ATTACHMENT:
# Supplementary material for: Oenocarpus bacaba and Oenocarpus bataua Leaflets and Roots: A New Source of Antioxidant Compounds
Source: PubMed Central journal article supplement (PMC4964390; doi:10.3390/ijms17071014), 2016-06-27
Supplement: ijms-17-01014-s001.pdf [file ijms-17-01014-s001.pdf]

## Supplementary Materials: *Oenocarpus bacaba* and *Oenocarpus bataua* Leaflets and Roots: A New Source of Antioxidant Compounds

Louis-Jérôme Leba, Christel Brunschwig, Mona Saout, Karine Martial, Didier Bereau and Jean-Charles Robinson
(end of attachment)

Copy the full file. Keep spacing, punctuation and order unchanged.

# Supplementary material for: Oenocarpus bacaba and Oenocarpus bataua Leaflets and Roots: A New Source of Antioxidant Compounds
Source: PubMed Central journal article supplement (PMC4964390; doi:10.3390/ijms17071014), 2016-06-27
Supplement: ijms-17-01014-s001.pdf [file ijms-17-01014-s001.pdf]

## Supplementary Materials: *Oenocarpus bacaba* and *Oenocarpus bataua* Leaflets and Roots: A New Source of Antioxidant Compounds

Louis-Jérôme Leba, Christel Brunschwig, Mona Saout, Karine Martial, Didier Bereau and Jean-Charles Robinson